President Ma Ying-jeou (馬英九) yesterday downplayed the potential impact of alleged information leaks to China by former Mainland Affairs Council (MAC) deputy minister Chang Hsien-yao (張顯耀), calling it a “ripple in the strong wave of cross-strait developments.”
The remark follows his comment the day before comparing Chang to a “pest” in cross-strait ties that has to be eliminated — the first time Ma responded to the weeks-long scandal.
The president said the suspected leak was just a “ripple” that would not affect cross-strait developments, adding that Taipei and Beijing currently enjoy the “most stable period in cross-strait relations over the past 65 years.”
Speaking at a ceremony to mark Armed Forces Day, the president said the government would continue its efforts to promote cross-strait relations, but it has to be predicated on mutual respect and legitimacy for it to be in the interests of Taiwan and its people.
Separately yesterday, the Taiwan Solidarity Union (TSU) caucus called on Ma to report to the Legislative Yuan on the state of the nation after the legislature’s plenary session commences on Sept. 12, saying that since the president had likened Chang to a “pest,” he should explain who had nurtured the “pest” and allowed it to grow.
TSU caucus whip Lai Chen-chang (賴振昌) said that since Ma is the head of the state and, according to the Constitution, the highest person in charge of the national security system, and Chang was officially appointed by the president to take charge of cross-strait negotiations, Ma has to report to the nation since he was the decisionmaker and an interested party in the case involving national security.
TSU Legislator Chou Ni-an (周倪安) said that Chang, Mainland Affairs Council Minister Wang Yu-chi (王郁琦) and the Presidential Office have changed their stories several times since the dispute broke out, and the whole brouhaha has already caused damage to national security, cross-strait developments and diplomatic affairs.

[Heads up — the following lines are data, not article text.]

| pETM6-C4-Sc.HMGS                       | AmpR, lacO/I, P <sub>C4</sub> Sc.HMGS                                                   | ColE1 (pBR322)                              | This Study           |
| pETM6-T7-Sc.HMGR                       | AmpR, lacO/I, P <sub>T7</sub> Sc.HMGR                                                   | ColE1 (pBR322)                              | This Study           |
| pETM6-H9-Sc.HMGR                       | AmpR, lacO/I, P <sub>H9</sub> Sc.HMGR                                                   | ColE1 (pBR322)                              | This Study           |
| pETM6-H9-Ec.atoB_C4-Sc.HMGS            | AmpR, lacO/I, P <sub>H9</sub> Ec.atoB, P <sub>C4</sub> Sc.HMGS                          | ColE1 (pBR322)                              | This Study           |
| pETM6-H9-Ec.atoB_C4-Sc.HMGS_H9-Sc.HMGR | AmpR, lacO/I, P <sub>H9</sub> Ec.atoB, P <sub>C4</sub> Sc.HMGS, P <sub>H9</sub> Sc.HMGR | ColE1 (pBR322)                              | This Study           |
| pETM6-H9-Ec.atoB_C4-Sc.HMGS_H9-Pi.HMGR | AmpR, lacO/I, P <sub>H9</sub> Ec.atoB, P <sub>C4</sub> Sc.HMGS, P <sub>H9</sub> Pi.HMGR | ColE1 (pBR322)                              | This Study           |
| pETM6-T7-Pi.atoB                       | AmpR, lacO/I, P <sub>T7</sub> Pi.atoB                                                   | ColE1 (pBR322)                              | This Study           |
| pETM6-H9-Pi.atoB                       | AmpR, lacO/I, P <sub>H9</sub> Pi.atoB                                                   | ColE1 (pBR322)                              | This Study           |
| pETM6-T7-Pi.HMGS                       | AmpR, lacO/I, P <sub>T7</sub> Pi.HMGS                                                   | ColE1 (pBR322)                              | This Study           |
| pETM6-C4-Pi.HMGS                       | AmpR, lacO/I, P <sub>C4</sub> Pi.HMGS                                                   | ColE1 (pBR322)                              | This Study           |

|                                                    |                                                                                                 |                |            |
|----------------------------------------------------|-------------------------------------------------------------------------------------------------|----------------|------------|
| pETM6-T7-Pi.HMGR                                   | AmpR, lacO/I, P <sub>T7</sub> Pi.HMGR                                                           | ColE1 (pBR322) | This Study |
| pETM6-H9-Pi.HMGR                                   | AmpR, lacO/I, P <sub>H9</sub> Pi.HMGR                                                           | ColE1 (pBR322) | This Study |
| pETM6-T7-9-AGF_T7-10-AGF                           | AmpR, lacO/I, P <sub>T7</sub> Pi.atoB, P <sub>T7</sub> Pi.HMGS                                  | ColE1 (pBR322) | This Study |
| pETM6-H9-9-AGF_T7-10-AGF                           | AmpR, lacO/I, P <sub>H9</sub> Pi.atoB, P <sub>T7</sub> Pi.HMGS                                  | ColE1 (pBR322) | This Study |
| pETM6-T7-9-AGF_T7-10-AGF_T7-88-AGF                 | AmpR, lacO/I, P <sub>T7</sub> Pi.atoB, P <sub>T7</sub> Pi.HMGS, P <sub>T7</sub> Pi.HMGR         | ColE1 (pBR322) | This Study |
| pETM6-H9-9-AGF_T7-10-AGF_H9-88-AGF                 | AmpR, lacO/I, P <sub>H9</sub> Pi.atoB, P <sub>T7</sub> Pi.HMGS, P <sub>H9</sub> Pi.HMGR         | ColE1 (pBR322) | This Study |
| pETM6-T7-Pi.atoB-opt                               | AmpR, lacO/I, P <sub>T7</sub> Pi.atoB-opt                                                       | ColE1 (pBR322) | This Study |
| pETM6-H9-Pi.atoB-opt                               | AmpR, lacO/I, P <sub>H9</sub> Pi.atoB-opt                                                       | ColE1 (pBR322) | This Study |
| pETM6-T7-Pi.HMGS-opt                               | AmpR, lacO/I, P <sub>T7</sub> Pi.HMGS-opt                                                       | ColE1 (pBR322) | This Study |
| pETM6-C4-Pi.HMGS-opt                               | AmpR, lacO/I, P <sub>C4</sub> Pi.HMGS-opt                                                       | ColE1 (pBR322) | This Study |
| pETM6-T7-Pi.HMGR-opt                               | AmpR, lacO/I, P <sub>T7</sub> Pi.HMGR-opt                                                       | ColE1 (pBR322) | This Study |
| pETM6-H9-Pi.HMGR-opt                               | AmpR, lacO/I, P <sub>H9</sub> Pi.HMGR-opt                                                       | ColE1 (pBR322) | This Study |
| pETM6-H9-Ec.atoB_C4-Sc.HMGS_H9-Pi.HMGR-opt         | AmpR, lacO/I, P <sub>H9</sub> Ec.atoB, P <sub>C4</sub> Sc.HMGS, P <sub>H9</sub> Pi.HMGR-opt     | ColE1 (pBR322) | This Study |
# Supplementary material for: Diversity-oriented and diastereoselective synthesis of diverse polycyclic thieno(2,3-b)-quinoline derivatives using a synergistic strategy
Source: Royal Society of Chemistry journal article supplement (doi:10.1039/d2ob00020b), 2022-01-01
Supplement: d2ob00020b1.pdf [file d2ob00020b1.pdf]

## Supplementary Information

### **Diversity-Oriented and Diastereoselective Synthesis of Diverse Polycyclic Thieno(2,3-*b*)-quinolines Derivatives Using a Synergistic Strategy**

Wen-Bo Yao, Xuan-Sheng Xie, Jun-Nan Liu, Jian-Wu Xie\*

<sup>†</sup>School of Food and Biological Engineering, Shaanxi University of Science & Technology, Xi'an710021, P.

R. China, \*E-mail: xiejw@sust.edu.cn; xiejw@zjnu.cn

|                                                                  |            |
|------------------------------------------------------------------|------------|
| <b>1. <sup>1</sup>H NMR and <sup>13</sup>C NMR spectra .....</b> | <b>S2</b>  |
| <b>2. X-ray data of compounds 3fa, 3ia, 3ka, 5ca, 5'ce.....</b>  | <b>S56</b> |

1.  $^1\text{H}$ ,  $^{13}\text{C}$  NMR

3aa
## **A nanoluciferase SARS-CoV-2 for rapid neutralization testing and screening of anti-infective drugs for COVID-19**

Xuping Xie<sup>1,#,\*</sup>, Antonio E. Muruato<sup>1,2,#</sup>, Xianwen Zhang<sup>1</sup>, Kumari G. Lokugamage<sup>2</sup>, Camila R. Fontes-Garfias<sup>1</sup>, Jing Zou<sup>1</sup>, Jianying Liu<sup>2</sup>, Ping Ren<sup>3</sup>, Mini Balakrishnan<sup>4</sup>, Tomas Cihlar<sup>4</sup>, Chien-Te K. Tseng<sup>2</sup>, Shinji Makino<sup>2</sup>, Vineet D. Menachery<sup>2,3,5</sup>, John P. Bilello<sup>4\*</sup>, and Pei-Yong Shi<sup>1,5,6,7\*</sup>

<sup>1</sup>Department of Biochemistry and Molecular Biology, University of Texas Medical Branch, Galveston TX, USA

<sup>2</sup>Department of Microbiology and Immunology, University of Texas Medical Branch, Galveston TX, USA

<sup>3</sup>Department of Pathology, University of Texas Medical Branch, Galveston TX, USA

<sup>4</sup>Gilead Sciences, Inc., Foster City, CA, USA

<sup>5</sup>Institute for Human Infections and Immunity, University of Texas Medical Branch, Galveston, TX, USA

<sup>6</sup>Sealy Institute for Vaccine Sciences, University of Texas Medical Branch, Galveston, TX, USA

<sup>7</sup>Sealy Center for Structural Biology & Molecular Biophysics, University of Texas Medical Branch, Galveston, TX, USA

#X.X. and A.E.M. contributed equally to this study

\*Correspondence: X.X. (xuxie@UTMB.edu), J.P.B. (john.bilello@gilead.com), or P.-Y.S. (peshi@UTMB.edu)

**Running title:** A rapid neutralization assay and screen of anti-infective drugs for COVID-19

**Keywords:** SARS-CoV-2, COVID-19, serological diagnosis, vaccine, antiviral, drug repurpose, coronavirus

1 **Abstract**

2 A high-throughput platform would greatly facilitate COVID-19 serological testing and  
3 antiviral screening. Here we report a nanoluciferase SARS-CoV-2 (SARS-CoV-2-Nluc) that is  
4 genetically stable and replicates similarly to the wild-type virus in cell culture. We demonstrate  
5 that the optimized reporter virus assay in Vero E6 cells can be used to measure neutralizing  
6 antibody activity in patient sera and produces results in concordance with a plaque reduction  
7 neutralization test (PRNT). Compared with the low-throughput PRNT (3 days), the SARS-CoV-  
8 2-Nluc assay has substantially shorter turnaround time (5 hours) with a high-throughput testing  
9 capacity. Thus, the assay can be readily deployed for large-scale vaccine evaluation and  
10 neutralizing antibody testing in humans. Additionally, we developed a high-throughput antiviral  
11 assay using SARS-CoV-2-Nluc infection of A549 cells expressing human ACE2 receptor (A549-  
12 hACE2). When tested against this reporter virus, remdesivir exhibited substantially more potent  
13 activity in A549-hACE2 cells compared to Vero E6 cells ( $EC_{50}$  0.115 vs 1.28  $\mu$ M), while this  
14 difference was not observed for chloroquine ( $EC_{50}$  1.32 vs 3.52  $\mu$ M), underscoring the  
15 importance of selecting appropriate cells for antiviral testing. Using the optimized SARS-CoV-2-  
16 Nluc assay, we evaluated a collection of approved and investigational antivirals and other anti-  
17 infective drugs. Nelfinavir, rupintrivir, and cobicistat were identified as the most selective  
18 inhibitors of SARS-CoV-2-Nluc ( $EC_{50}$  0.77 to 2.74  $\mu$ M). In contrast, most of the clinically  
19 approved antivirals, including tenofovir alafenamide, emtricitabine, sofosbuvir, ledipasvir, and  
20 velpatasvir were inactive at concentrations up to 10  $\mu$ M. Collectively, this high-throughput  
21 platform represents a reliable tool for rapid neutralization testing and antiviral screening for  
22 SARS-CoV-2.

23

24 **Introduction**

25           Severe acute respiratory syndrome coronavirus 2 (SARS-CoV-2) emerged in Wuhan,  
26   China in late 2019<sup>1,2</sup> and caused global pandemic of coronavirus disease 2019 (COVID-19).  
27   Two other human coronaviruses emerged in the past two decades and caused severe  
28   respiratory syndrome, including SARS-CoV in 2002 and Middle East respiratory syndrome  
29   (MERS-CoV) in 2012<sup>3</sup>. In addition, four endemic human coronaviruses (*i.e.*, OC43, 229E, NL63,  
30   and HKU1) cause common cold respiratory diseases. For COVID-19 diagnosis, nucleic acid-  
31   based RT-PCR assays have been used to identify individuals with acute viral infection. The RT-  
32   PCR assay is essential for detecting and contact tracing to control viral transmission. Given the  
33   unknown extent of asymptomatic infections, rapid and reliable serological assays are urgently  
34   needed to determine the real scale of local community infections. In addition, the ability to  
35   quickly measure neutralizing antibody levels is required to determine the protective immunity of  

Chou said Ma has been unapologetic and has acted as if nothing has happened, when he should be held accountable.
The Chinese-language United Daily News yesterday also ran a headline story claiming that Chang’s trusted assistants might have released at least 30 confidential documents to a Taiwanese businessman, who handed them over to officials at China’s Taiwan Affairs Office.
The report said the Investigation Bureau found Chang’s secretary faxing from the Mainland Affairs Council office classified documents to a Taiwanese businessman who acted as the middleman between Chang and Chinese officials.
Another assistant of Chang might have also verbally disclosed classified information to Chinese officials, the report quoted the bureau as saying.
The Taipei District Prosecutors’ Office rebutted the report and denied earlier reports saying that Chang had been wiretapped.
Chang was released earlier yesterday at about 2am after being questioned for 12 hours.
Chang’s aide, Chen Hung-yi (陳宏義), and two others who were called in for questioning have also been released.
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